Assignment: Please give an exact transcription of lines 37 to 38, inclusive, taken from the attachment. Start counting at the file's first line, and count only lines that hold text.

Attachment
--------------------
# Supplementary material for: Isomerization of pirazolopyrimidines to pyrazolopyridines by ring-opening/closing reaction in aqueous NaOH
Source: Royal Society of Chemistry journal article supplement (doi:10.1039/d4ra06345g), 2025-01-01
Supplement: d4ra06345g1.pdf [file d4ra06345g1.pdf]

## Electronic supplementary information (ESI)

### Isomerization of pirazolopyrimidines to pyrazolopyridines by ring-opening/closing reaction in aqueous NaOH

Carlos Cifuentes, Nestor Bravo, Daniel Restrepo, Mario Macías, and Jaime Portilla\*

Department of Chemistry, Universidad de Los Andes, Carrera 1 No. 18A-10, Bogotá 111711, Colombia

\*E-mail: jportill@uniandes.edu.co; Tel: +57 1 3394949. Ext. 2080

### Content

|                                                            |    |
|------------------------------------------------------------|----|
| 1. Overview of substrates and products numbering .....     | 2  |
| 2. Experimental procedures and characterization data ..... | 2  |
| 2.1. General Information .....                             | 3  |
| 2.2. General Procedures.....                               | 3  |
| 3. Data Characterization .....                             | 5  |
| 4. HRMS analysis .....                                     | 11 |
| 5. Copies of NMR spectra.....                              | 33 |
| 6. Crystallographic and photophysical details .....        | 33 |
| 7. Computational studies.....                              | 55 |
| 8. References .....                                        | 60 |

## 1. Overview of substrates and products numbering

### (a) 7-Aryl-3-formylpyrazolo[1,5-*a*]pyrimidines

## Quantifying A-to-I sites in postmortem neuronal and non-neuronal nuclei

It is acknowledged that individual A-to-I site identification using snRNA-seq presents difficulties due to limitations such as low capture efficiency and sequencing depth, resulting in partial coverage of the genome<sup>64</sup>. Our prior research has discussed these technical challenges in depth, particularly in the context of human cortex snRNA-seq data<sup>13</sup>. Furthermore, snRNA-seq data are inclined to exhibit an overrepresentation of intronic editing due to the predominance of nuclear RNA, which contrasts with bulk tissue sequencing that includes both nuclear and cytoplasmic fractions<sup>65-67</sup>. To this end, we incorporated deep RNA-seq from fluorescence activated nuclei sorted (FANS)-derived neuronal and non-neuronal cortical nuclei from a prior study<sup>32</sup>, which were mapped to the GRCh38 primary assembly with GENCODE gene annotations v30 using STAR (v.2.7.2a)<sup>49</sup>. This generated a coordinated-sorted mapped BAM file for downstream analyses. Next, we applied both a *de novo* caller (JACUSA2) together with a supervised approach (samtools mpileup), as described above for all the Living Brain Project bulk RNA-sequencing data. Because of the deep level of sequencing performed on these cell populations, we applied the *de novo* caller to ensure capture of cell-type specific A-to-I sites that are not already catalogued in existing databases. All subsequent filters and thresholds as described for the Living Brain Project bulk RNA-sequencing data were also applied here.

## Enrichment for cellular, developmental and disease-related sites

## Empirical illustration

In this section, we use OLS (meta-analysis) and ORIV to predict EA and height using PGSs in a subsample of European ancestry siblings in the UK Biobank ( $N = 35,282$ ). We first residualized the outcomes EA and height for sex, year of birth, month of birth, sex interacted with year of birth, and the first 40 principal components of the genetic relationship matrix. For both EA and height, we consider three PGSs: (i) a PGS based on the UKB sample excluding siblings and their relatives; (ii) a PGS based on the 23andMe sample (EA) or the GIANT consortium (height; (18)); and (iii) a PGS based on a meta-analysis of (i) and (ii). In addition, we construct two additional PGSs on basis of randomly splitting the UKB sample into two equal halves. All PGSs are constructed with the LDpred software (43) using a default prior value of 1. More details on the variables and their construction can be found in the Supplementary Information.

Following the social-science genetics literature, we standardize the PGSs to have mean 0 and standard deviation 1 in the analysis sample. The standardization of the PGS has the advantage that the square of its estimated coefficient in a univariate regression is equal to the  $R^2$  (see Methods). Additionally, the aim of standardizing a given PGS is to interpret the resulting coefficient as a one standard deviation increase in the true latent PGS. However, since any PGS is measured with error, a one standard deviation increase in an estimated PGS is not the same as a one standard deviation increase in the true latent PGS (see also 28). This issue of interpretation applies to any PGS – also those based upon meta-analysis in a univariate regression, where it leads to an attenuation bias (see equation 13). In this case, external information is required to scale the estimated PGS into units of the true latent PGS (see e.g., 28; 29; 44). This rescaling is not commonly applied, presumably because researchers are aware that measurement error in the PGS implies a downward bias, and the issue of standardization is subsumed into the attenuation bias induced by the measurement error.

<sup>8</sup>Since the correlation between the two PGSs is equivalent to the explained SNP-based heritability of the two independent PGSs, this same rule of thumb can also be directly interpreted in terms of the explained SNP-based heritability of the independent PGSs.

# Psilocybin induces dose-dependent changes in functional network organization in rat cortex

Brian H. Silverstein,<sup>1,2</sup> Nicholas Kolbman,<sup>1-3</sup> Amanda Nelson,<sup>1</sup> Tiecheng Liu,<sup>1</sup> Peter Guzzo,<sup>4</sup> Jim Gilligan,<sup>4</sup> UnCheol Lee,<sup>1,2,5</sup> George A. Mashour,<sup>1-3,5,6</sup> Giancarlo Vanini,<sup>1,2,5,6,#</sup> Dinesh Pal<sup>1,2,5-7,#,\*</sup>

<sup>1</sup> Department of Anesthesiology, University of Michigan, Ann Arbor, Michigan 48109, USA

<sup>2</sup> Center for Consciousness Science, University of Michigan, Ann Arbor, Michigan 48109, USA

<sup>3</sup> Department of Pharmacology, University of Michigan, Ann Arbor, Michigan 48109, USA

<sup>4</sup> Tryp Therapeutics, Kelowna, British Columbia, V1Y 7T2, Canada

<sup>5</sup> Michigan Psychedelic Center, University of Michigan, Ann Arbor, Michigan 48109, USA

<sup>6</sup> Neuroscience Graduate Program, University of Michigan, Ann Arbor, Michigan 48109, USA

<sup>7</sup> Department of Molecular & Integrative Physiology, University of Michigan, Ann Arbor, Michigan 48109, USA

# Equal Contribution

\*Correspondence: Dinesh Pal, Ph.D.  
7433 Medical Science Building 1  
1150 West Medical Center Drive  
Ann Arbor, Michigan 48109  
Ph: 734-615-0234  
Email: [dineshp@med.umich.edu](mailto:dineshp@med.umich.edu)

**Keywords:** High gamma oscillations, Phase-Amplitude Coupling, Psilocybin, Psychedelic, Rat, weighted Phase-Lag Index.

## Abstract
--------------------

<sup>5</sup> Michigan Psychedelic Center, University of Michigan, Ann Arbor, Michigan 48109, USA

<sup>6</sup> Neuroscience Graduate Program, University of Michigan, Ann Arbor, Michigan 48109, USA